Ex-lawyer turned relationship coach

Scared To Death

We’re all aware of the placebo-effect: a useless treatment that can become highly effective through the power of the mind. Yet many of us are not aware of its evil twin, the nocebo-effect.

Not only does the nocebo-effect reduce the effectiveness of a potent treatment, expecting the worst may even have the power to kill.

In 1974, a retired shoe salesman called Sam Londe suffered from cancer of the esophagus. An ailment that at the time left no survivors.

Nonetheless, Sam was rolled into the OR where surgeons removed all his visible growths. Although the salesmen left the hospital tumor-free, the medical staff was convinced the cancer would return.

To no one’s surprise, Sam died a few weeks later.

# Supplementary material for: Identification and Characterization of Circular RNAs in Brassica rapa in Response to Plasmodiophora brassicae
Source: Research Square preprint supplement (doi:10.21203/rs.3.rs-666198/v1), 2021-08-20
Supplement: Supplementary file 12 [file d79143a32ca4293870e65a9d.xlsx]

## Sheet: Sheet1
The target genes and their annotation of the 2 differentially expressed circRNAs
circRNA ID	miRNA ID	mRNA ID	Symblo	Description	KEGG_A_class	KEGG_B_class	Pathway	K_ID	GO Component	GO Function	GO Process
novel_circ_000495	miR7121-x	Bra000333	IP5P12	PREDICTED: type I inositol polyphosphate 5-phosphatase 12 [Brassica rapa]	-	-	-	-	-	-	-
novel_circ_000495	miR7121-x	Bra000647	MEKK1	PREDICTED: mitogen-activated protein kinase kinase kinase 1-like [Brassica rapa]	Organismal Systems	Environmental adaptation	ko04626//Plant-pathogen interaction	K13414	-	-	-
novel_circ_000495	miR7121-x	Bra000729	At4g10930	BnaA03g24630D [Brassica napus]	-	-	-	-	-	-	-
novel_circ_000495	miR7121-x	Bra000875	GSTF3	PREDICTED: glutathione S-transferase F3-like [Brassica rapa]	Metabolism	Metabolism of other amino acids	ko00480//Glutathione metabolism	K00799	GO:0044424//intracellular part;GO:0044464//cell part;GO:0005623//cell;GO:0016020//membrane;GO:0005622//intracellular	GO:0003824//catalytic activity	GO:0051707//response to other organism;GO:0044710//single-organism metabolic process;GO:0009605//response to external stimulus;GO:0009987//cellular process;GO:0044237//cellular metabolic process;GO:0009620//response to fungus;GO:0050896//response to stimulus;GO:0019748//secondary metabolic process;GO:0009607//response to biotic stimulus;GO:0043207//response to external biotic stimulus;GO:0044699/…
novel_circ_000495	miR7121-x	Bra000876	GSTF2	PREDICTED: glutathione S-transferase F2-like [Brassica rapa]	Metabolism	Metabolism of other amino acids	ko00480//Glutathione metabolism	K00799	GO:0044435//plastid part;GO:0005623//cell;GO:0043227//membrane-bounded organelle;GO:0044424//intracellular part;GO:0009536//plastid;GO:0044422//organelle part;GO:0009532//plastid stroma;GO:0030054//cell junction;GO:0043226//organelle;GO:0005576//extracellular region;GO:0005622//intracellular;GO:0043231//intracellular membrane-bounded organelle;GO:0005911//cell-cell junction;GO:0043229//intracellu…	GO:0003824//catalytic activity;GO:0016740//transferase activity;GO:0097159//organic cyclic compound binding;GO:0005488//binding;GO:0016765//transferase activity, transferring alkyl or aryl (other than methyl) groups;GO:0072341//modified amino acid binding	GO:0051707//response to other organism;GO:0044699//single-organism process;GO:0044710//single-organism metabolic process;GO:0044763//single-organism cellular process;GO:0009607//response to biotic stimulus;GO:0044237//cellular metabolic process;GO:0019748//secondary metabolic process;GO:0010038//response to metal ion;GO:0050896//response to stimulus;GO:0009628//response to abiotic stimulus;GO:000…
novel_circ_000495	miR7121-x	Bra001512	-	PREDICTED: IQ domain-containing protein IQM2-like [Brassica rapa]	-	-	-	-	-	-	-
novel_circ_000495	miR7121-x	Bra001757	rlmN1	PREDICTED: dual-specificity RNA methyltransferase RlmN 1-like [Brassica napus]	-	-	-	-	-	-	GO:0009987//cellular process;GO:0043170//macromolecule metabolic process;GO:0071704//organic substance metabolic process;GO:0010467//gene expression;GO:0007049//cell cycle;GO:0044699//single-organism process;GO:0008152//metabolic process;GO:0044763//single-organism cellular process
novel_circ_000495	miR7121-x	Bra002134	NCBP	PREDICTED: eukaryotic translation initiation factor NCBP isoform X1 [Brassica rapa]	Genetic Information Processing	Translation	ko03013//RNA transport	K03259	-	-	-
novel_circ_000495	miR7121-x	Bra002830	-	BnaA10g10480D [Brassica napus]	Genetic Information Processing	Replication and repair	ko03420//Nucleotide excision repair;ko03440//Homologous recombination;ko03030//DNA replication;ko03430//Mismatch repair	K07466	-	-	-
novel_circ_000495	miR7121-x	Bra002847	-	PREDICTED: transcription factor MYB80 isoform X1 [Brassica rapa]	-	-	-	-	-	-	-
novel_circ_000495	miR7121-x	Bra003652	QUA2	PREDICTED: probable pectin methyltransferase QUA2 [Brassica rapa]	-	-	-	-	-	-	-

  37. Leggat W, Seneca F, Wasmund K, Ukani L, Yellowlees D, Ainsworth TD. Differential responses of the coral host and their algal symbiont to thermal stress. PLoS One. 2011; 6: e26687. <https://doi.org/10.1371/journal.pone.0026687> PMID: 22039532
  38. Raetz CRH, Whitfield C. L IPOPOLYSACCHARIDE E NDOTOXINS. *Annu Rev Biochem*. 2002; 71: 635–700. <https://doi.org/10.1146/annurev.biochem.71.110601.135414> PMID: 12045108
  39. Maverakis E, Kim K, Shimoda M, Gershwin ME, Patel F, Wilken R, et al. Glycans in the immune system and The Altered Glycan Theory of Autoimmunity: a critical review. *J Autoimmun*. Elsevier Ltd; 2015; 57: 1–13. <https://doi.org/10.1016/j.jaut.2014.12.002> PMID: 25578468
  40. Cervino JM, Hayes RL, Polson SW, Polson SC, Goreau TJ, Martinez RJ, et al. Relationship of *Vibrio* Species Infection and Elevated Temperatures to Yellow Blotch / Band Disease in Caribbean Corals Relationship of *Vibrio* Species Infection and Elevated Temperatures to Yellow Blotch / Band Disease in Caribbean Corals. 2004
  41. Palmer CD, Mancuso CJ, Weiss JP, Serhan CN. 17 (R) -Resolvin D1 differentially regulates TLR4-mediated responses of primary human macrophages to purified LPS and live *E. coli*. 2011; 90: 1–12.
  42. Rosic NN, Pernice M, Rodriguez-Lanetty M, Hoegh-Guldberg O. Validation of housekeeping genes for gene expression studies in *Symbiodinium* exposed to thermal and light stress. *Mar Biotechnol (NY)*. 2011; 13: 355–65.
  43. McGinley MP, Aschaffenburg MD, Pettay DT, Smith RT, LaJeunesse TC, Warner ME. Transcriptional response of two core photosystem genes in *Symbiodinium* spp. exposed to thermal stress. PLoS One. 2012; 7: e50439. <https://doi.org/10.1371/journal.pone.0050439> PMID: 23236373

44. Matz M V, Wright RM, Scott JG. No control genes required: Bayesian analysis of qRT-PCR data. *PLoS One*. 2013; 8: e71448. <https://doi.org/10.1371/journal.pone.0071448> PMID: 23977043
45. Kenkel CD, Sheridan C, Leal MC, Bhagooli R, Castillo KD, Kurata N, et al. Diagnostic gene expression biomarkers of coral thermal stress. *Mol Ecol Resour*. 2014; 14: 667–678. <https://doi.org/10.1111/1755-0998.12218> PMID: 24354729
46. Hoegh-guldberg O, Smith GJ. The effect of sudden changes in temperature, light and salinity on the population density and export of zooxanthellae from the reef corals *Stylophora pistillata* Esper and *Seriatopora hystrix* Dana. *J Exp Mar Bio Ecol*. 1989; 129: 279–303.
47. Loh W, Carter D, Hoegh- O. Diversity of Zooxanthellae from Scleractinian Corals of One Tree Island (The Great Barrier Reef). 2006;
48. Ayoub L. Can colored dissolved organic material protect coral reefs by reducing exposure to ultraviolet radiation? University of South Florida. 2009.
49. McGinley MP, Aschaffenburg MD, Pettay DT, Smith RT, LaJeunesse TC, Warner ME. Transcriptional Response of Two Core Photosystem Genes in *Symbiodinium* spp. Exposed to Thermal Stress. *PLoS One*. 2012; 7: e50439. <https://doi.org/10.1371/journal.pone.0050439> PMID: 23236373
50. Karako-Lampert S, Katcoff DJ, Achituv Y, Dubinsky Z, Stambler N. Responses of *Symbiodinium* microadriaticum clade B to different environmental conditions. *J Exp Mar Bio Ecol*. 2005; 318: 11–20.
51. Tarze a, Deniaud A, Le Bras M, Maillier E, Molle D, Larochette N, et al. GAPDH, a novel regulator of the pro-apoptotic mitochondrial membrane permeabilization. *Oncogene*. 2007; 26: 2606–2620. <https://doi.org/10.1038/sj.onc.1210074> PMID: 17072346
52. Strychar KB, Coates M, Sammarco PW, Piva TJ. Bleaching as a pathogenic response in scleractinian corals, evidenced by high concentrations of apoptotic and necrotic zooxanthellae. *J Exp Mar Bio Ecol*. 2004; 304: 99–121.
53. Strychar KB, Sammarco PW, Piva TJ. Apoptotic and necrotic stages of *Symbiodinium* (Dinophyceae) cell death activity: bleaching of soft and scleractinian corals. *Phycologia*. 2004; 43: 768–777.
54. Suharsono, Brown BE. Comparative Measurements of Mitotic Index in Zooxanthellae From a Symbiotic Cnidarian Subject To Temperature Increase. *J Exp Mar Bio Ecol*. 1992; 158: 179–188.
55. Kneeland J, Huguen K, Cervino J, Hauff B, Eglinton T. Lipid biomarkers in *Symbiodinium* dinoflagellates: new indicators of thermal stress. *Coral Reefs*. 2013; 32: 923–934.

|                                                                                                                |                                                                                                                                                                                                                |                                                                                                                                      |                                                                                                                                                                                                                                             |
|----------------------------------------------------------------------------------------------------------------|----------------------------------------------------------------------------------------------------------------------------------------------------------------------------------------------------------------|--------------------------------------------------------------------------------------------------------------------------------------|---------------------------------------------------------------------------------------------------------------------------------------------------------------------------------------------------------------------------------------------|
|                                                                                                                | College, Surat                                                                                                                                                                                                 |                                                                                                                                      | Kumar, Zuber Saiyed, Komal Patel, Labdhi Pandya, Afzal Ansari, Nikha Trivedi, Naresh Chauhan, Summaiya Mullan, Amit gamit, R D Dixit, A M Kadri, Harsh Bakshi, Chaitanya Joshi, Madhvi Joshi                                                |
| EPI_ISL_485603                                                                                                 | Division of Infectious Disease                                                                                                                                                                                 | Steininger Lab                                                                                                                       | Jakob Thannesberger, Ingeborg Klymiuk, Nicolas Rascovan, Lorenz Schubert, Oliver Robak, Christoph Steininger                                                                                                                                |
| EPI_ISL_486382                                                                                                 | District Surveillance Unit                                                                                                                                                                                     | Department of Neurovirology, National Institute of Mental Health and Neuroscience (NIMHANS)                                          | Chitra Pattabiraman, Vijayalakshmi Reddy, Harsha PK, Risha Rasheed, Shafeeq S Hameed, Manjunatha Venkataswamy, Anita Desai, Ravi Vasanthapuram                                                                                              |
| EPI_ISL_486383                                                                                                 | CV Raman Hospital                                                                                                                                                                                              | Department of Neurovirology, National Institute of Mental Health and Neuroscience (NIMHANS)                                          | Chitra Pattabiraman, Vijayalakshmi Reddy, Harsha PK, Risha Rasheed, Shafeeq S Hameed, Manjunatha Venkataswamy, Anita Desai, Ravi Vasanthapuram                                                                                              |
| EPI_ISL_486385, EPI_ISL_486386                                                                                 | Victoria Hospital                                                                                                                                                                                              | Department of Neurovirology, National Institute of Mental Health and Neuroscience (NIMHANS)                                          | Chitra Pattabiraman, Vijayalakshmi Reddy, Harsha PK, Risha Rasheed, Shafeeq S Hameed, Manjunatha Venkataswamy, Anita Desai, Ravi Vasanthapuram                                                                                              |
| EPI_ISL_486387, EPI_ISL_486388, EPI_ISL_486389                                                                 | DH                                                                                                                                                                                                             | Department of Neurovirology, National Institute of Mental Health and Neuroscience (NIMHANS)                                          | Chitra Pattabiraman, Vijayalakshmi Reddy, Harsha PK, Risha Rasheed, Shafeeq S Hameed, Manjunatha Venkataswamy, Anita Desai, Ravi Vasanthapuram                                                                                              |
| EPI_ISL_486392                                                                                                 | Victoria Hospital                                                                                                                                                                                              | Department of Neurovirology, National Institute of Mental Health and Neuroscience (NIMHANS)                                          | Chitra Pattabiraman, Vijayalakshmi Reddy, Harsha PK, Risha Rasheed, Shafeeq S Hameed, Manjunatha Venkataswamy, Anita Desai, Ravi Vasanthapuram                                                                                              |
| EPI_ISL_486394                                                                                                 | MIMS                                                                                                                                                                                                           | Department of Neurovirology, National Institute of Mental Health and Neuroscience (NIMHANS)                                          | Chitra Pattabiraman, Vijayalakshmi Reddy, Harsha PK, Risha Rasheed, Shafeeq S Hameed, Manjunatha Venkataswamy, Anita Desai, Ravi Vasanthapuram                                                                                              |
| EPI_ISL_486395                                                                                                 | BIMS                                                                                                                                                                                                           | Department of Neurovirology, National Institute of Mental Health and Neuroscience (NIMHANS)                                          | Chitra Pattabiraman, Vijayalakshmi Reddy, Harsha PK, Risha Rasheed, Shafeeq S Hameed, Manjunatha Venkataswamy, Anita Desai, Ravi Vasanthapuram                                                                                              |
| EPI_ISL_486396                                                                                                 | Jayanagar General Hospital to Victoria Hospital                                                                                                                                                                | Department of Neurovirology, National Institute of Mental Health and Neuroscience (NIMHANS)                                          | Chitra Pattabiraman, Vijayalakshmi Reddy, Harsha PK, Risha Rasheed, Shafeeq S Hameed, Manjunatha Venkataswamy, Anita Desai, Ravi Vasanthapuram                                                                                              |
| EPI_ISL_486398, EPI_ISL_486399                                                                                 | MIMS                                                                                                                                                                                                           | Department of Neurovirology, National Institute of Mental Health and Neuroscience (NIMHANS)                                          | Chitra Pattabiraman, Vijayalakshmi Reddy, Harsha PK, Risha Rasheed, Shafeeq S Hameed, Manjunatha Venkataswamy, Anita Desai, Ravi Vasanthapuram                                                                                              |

But not for the reasons the doctors expected.

The mandatory autopsy revealed that Sam’s esophagus was fine. He did have two cancerous spots on his liver and one on his lung, but not enough to kill him.

So what did kill Sam?

The attending physician thinks a lack of hope.

“I thought he had cancer,” said the physician in an interview with Discovery. And he continued, “He thought he had cancer. Everybody around him thought he had cancer.”

Did the medical staff’s beliefs about Sam’s condition unwittingly condemn him to an early grave?

We’ll never know for sure.

But we do know this: expectations have a great deal of power over us.

So when a man in a white coat with a stethoscope around his neck tells you, “This will only sting a little.”

Your body triggers a very different set of responses than when you’re told, “We’ll make this as pleasant for you as we can.”

So whenever you’re in a position of power, be careful with what you say. Because if we believe Sam’s story, you may just scare someone to death.

By Jeroen Elsing
Ex-lawyer turned relationship coach